Remote-sensing technologies are a pillar of many Earth observation applications, e.g., climate monitoring, weather forecasting, biodiversity tracking, land-use change monitoring, natural disaster monitoring, natural resources management, etc. The increasing sophistication of satellite remote-sensing gives nowadays access to highly accurate radiometric data meeting requirements for Earth observation applications, e.g., around 2 to 3 % relative radiometric accuracy for radiometers on-board Sentinel satellites.
For climate monitoring purposes, precision and trueness of these radiometric data must be routinely monitored over long periods of time. This is critical to proper assessment of possible sources of uncertainty in the collected data, i.e., to propagate uncertainty from the observations up to the delivered geophysical products and associated data. These activities heavily rely on ground-based observations often acquired at different temporal, spatial and spectral resolutions. Thus, ground observations cannot be straightforwardly compared with similar space-based derived products. Therefore, complex radiative transfer simulation tools are necessary to understand to what extent these two types of measurements can be compared, accounting for their respective uncertainties.
The compartmentalisation of the Earth observation community into specialised subcommunities led to the simultaneous development of radiative transfer models and simulation software packages, each addressing their specific problem and therefore shipping specific physical and programming features and data sets. No tool currently allows to merge all the resulting scientific advances into a single software package to tackle heavily coupled radiative problems. This is the problem Eradiate aims to address.
Eradiate is a 3D radiative transfer model based on the Monte Carlo ray tracing technique. It is being designed and developed by Brussels-based company Rayference, with funding from the Copernicus programme.
A flexible 3D radiative transfer model
Eradiate aims at providing a flexible framework for activities related with calibration and validation in the Earth observation community, where flexibility is to be understood in a variety of ways.
Flexibility in physical complexity. Increasing the level of realism by accounting for more complex physics should be a burden for the computer, not for the physicist. Running the polarised version of a simulation should not be more complicated than attaching polarised optical properties to the objects in your scene and selecting a vector Monte Carlo algorithm. Eradiate therefore has the ambition of supporting multiple radiative models in a unified framework.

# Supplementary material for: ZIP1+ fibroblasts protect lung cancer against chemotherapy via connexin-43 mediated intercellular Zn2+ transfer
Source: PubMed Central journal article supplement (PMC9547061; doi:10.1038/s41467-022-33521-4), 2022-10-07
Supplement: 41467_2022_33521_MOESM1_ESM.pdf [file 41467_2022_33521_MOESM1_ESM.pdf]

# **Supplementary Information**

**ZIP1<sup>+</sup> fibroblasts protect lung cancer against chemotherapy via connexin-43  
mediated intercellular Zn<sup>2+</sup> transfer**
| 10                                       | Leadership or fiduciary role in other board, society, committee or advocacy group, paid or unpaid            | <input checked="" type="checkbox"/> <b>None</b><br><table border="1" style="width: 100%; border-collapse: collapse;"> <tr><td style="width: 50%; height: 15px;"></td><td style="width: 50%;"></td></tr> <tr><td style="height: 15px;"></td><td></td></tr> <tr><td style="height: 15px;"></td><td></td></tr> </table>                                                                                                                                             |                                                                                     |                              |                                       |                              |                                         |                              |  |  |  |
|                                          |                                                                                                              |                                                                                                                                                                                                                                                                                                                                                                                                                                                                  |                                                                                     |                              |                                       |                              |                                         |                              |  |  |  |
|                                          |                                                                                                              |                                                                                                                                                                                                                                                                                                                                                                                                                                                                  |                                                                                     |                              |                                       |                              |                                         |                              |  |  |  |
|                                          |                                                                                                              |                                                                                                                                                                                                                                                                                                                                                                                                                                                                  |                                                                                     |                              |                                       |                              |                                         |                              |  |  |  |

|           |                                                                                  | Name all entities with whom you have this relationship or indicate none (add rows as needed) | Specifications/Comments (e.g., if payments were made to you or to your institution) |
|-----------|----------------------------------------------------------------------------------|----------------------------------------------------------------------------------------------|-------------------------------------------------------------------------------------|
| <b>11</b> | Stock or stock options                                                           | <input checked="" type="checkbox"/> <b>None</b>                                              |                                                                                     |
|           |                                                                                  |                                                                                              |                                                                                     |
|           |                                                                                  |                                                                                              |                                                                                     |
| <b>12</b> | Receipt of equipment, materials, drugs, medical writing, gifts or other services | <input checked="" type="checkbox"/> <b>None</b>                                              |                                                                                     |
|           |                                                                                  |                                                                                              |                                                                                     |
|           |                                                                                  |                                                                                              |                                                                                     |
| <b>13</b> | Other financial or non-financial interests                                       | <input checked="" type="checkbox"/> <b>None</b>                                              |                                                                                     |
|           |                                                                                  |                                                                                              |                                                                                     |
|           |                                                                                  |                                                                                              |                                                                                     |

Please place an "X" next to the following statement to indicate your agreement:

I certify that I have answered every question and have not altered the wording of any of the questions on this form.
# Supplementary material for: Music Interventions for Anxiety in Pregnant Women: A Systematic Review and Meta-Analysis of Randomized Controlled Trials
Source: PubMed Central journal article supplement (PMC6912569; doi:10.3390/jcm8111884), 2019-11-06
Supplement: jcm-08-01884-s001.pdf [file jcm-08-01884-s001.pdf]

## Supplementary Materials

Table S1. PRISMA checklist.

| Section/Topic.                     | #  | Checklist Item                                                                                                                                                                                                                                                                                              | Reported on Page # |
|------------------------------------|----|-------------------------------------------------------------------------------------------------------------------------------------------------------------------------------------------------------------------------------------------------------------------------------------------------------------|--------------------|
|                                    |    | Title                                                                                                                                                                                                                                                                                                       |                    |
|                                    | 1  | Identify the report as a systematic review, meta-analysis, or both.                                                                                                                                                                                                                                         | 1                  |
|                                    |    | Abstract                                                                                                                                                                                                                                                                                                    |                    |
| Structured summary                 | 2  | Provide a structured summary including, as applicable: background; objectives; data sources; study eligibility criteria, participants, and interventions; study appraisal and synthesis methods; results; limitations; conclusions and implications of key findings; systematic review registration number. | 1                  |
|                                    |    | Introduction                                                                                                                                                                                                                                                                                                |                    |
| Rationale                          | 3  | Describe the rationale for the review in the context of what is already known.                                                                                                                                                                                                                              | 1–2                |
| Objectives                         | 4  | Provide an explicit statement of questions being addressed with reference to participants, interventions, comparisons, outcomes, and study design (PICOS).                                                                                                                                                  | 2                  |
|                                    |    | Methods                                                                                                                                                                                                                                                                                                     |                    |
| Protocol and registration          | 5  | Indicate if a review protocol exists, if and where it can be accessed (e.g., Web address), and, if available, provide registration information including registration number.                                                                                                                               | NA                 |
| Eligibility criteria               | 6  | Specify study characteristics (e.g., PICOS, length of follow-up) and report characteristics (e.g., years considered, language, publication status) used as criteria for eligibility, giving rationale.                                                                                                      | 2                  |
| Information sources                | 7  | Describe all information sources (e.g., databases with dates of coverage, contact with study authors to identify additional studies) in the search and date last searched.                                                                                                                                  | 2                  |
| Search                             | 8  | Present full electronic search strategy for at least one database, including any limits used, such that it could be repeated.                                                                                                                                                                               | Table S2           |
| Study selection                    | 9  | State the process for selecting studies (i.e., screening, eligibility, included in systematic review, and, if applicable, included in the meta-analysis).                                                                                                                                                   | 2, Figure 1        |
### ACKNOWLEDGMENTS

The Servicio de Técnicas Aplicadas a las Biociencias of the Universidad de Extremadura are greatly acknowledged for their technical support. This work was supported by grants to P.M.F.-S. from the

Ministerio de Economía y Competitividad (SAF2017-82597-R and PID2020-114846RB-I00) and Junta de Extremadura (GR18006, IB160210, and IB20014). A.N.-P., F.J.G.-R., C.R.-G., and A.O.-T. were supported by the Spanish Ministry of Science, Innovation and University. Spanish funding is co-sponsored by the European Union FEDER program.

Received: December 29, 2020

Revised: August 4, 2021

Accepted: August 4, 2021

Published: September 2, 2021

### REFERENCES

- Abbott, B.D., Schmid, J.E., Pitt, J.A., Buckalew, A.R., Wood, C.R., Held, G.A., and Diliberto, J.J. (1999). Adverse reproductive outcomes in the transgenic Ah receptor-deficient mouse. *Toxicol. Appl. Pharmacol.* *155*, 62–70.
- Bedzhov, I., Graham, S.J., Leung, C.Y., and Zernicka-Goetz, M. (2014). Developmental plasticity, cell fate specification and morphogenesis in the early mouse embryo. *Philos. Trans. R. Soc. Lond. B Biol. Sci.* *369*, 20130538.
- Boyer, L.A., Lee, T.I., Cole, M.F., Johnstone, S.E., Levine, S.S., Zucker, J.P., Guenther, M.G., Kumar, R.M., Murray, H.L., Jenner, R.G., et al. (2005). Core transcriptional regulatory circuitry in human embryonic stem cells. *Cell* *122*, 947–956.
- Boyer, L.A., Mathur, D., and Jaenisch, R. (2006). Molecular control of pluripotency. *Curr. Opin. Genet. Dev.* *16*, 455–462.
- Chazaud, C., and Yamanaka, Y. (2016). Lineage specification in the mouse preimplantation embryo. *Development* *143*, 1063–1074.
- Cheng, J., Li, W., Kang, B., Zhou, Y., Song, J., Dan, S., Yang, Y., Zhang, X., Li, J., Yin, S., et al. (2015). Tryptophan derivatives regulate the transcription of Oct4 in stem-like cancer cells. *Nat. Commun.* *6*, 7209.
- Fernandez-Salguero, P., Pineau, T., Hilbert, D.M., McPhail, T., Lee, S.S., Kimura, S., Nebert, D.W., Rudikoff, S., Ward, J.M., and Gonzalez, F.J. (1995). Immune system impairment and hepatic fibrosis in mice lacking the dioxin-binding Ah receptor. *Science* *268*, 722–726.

Flexibility in scene complexity. Radiative transfer model users have different needs when it comes to defining a scene on which to perform radiative transfer simulation. Some may need simple one-dimensional atmospheric model to quickly evaluate a radiative flux; others may need to represent each tree leaf of a forest; and some may need both at the same time! Eradiate will provide a unified scene construction interface which will allow to naturally populate a scene with simple or complex objects, and to combine both.
Flexibility in usage. Radiative transfer model users may need fluxes and radiances; but sometimes, these quantities are just an element in a longer data flow. Eradiate will ship a standalone, full-featured solver, as well as specialised solvers for selected canonical problems and library components allowing to embed the model in other applications.
A bridge between communities
One goal is to break boundaries between the Earth observation subcommunities and help them share their scientific advances. We want to make it easy for scientists to improve the accuracy of their numerical simulations by accounting for radiative coupling. For that purpose, Eradiate will ship solvers and optical properties originating from the subcommunities with a common interface. Adding a standard atmosphere profile on top of a detailed forest canopy should not be a painful endeavour, nor should be adding a standard desert surface underneath a complex cloud.
Eradiate is to be maintained on the long term. This means that it will be carefully designed and coded with rigorous style and processes. It will also be throroughly tested and validated through documented tests and benchmarks. It will be shipped with comprehensive and thorough documentation.
Since Eradiate is meant to be a simulation tool for the scientific community, it will be released under an open-source license. More than that, the contribution of the scientific community to the project will be encouraged through a community-based development process.
Eradiate will consist of a core module which will define common interfaces, documentation frameworks, core RTE solvers and evaluation protocols. Specialised modules oriented towards user communities will provide specific scenes, optical property models, databases and interfaces, as well as test cases. Community developers will be welcome to provide bug reports, fixes, new feature suggestions and implementation.
Funding and development history
The development of Eradiate is funded by the Copernicus programme through a project managed by the European Space Agency.
The general design of Eradiate was funded by the MetEOC-3 project (EMPIR grant 16ENV03).
Design and development is currently performed by Brussels-based company Rayference.
‘Eradiate’ is an uncommon English word for ‘radiate’. This name was chosen among a dozen of candidates using the majority judgement voting method proposed by mathematicians Michel Balinski and Rida Laraki.